Bending Light Study Guide


The most fundamental property we learn about light is that it travels straight. Yet, all-optical devices invented by humankind require light to bend. Lenses focus light to produce an image, optical fibers bend light in loops all-around your neighborhood to enable lightning-fast internet speed, and even the human eye bends light to create vision. While it is true that light’s direction can be changed by optical phenomena such as refraction and reflection, the path of light will always remain straight! So what really is this “bending of light”? Let’s find out!



The second fundamental property of light you would have heard is that it always travels at the same speed. Well, it is true only for a medium such as a vacuum. Whenever light travels through other optical mediums such as air, water, glass, diamonds, etc., it slows down!

Every time light slows down, something interesting happens- it changes direction. Multiple optical mediums in contact with one another can create interesting bending effects, a phenomenon called Refraction. To quantify how much the light slows down in any given medium, a dimensionless number called the refractive index is used.

The refractive index is the ratio of the speed of light in a vacuum to its speed in the given medium.

Mathematically it is represented as: Refractive index

Where n is the refractive index of the mediumc is the speed of lightv is the velocity of light in a given medium.

Mediums with a high refractive index bend light the most. The refractive index of the air is 1.0003 while water is 1.33. Diamonds have a refractive index of 2.4!



The refraction of light is the reason why you see the fish in your aquarium at two different positions when you look at the tank from the side. Light bends and takes two different paths creating the effect. The bending of light through refraction is explained by Snell’s Law.

Snells lawSource

Before jumping into Snell’s law, we need to understand that whenever light travels from a rarer medium to a denser medium, it bends towards the normal line at the point of incidence (refer to figure above). The opposite is true when light travels from a denser medium to a rarer medium. Snell’s law gives the relationship between how much the light bends and the refractive index of the two mediums.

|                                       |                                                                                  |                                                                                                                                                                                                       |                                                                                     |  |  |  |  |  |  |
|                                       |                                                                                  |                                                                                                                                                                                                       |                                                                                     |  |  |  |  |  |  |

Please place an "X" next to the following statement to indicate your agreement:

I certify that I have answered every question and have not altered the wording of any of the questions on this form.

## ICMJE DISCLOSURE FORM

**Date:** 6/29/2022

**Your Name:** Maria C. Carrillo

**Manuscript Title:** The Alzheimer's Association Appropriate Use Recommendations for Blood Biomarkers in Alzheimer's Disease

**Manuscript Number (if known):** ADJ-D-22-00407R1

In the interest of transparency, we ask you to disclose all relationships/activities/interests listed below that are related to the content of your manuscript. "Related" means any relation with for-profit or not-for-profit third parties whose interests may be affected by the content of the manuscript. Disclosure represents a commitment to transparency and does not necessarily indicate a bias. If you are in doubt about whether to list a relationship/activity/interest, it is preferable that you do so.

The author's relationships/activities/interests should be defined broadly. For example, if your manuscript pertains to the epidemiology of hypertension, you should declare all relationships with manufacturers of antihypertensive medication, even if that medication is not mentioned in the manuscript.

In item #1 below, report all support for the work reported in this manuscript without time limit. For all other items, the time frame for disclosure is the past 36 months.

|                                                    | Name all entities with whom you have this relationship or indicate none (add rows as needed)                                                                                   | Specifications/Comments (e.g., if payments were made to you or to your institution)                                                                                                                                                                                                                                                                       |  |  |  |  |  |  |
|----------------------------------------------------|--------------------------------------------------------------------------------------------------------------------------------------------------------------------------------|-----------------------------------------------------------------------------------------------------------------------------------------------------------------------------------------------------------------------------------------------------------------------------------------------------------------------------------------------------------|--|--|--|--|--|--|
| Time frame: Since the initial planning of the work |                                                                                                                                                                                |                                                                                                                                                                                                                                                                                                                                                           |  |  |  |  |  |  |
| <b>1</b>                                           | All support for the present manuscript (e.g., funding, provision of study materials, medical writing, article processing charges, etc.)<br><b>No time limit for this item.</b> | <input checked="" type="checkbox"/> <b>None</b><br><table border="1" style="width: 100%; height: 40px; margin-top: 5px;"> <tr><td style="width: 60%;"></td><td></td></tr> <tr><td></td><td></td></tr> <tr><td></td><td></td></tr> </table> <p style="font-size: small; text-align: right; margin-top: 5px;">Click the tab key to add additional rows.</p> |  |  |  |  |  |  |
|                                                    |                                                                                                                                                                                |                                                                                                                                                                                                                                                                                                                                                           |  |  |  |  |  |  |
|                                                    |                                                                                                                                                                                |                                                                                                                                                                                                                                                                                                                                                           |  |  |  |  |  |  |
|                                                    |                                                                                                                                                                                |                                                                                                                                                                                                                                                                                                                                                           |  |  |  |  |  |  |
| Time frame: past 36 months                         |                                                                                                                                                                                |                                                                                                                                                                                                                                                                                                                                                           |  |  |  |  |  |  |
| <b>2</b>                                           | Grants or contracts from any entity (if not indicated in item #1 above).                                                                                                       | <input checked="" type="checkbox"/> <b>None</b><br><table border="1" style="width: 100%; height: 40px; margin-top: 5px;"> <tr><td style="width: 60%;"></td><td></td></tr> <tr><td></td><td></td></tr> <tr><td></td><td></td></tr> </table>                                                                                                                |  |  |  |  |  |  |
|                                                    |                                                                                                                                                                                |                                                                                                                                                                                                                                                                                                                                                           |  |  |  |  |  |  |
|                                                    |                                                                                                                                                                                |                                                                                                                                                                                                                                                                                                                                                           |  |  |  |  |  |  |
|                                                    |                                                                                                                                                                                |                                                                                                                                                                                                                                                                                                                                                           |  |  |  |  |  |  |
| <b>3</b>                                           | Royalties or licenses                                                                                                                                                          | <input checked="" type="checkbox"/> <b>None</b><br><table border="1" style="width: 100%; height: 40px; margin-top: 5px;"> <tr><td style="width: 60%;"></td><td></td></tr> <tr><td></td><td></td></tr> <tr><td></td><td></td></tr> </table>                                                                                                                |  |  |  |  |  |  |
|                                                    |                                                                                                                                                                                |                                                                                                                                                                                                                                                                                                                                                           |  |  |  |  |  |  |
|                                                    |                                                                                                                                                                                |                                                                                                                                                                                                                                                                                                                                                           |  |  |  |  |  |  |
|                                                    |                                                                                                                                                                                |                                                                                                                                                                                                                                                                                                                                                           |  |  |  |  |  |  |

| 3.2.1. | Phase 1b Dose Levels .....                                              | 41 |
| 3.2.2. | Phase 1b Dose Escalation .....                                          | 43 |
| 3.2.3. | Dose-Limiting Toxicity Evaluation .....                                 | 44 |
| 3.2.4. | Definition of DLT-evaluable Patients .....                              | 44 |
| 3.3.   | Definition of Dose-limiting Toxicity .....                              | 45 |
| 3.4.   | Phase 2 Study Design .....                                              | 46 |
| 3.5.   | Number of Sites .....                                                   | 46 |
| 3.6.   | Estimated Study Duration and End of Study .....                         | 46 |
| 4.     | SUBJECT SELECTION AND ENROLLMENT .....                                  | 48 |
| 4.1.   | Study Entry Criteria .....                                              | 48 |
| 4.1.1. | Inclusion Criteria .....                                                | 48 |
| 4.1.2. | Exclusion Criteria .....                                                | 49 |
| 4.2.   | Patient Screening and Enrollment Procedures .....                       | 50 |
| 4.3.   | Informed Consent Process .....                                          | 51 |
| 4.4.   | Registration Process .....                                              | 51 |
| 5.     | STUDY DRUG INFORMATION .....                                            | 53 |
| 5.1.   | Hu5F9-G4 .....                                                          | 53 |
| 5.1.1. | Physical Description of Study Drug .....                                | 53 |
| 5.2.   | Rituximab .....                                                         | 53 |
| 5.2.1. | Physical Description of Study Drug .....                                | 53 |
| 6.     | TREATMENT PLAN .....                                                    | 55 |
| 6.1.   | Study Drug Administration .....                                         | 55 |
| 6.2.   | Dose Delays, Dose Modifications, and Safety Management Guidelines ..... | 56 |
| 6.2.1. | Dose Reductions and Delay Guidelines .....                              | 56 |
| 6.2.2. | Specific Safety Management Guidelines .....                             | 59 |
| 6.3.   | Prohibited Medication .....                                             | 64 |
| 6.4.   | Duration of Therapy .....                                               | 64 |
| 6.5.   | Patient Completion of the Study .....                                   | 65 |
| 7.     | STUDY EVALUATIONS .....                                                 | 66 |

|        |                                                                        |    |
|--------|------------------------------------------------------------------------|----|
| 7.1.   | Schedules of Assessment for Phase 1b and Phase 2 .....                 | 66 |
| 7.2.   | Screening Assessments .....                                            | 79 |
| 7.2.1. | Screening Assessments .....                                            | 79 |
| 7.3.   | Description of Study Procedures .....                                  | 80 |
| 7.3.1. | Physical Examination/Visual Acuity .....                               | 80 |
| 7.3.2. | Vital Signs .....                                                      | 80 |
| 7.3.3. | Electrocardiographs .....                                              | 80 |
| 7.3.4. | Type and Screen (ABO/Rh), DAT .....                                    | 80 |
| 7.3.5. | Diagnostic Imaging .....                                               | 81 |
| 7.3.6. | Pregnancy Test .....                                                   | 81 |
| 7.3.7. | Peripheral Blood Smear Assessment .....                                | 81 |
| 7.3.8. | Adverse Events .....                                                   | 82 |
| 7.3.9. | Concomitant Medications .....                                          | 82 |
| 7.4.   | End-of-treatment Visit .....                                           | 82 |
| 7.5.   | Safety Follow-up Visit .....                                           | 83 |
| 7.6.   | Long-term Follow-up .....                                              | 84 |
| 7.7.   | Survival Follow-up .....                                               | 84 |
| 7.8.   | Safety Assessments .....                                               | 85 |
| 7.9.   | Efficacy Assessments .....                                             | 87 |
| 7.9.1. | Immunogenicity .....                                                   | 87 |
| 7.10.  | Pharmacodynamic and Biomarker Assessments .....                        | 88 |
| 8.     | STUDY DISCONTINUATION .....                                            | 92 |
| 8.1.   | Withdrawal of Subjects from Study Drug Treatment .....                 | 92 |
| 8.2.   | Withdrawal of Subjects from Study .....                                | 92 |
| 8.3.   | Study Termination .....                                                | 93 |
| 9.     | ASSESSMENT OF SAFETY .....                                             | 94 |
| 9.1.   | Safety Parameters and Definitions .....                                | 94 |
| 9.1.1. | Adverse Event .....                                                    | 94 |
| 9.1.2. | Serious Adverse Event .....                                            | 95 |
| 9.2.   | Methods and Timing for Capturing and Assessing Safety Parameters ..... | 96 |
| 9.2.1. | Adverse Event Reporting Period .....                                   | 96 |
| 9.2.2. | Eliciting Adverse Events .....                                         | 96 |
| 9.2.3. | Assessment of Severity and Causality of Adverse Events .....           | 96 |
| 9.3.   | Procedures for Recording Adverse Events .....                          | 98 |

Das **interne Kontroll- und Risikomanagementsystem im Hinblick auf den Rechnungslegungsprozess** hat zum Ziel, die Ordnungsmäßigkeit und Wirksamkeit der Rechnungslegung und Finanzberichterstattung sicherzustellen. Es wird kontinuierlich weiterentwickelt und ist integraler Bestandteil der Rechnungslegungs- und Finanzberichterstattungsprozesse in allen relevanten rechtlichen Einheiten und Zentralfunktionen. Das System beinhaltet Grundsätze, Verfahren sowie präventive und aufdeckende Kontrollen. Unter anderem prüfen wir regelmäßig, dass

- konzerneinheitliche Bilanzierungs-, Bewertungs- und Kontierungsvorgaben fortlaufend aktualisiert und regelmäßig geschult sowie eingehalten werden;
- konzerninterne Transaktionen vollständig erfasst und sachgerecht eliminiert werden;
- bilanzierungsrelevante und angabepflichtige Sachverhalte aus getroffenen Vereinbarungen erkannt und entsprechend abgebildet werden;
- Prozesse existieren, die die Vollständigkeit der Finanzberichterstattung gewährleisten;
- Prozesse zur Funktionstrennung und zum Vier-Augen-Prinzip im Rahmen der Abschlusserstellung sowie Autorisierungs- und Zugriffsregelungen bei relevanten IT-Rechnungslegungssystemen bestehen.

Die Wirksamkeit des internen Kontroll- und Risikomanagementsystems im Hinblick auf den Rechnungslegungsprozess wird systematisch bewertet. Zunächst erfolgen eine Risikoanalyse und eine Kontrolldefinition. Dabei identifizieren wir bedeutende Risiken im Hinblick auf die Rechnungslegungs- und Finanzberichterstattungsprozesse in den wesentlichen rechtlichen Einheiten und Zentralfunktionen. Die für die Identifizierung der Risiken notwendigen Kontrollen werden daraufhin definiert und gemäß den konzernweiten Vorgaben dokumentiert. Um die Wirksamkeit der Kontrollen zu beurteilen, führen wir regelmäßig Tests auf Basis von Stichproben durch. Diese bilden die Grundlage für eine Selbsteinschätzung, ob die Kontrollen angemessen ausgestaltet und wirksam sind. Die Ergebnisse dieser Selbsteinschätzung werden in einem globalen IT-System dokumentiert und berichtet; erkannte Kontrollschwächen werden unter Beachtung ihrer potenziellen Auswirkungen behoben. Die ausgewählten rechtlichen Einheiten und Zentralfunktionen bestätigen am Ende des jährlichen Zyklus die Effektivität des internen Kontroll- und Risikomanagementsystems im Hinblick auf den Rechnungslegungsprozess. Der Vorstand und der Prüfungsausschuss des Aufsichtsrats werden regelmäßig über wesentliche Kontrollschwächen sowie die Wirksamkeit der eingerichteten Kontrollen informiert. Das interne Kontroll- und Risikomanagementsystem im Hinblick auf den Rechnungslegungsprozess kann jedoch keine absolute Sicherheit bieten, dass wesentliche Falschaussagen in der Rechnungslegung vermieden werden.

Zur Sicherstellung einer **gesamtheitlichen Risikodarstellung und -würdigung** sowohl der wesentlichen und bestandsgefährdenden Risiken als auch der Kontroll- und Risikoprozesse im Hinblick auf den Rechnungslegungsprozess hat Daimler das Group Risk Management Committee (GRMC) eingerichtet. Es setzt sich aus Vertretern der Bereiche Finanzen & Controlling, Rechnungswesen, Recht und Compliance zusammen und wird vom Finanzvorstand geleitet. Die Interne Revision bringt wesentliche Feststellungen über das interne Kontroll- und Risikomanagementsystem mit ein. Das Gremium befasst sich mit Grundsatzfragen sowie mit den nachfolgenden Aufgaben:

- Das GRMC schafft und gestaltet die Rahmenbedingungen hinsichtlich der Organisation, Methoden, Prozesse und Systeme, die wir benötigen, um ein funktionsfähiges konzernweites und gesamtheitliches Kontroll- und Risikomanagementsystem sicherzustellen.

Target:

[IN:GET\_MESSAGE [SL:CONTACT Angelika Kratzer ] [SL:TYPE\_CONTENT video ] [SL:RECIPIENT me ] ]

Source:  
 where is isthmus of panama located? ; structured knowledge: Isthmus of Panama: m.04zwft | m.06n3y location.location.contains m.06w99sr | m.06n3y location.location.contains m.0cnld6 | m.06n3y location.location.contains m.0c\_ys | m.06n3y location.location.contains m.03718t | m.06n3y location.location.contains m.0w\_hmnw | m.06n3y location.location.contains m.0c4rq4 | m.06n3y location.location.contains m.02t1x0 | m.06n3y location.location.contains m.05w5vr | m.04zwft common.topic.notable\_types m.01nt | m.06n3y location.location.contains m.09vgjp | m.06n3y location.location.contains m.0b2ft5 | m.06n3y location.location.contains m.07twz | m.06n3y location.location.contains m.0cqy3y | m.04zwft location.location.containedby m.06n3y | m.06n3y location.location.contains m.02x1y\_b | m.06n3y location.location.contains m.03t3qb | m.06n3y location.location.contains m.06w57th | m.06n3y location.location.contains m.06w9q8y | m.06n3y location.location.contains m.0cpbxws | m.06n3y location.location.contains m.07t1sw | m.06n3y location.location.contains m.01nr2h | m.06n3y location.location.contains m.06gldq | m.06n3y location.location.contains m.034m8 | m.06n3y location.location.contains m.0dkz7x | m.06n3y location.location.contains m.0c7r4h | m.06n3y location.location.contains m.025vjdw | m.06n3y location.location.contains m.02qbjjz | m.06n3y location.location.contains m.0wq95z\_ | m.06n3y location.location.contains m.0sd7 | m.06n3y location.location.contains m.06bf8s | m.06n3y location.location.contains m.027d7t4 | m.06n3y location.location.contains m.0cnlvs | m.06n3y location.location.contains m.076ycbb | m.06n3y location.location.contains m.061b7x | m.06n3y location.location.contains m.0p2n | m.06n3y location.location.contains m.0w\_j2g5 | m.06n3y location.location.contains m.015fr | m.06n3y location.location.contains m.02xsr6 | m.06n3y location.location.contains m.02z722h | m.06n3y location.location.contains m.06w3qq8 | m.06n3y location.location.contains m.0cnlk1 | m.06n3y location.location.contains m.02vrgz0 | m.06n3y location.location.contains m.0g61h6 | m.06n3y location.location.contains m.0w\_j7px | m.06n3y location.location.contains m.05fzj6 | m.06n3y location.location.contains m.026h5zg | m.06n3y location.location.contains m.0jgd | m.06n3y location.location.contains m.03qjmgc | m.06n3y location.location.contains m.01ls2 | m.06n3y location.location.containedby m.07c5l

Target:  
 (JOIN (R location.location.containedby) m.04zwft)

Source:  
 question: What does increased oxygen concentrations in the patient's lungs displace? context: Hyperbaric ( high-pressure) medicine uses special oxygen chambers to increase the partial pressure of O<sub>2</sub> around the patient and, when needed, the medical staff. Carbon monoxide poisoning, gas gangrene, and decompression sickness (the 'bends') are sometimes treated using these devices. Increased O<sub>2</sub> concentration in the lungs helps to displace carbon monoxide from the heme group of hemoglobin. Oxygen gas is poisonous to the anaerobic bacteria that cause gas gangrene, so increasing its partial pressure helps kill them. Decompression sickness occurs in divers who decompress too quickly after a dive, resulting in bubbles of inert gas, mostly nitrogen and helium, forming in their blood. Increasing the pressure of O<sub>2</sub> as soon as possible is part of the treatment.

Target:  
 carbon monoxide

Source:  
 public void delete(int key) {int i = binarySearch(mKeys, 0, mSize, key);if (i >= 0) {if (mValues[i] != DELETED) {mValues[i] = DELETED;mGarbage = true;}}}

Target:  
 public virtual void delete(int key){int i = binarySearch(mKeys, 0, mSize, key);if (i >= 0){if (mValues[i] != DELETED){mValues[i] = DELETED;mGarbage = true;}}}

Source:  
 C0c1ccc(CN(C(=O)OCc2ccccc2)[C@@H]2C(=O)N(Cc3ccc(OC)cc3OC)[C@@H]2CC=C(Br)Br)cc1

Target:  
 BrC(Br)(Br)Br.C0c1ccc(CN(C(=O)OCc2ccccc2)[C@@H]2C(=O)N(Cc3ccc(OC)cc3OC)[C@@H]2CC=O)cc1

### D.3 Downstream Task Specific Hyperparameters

According to Snell’s Law, for a given wavelength of light and pair of media, the ratio of the sine of the angle of incidence to the sine of the angle of refraction is a constant.

Snell's LawSource

Mathematically it is expressed as:

                      Sinθ1/Sinθ2 = n2/n1

Or, n1 Sinθ1 = n2 Sinθ1

n1 is the refractive index of medium 1

n2 is the refractive index of medium 2


  • Whenever light travels from one medium to another, the bending of light is called refraction.
  • The refractive index is the ratio of the speed of light in a vacuum to the speed of light in the medium.
  • Snell’s law gives the relationship between how much the light bends and the refractive index of a pair of medium.


1. What is bending of light?

The bending of light as it goes through one medium to another is called refraction.

2. Is light bending possible?

Yes, it is possible to bend light by changing the refractive index of the medium it is traveling in.

3. What materials can bend light?

Optical mediums such as glass, water, air of different densities, diamonds, and several other minerals such as ruby can bend light.

4. Can you bend light with a magnet?

Magnetic fields do not affect the photons of light.

5. What material bends light the most?

Materials with a high refractive index bend light the most, such as diamond (2.4).

We hope you enjoyed studying this lesson and learned something cool about Bending Light! Join our Discord community to get any questions you may have answered and to engage with other students just like you! We promise, it makes studying much more fun! 😎


  1. 1.6 Refraction. Accessed 10 Feb 2022.
  2. Snells Law Formula. Accessed 10 Feb 2022.
  3. Snell’s Law.’s_Law. Accessed 10 Feb 2022.
  4. Snell’s Law. Accessed 10 Feb 2022.
  5. Refractive Index. Accessed 10 Feb 2022.

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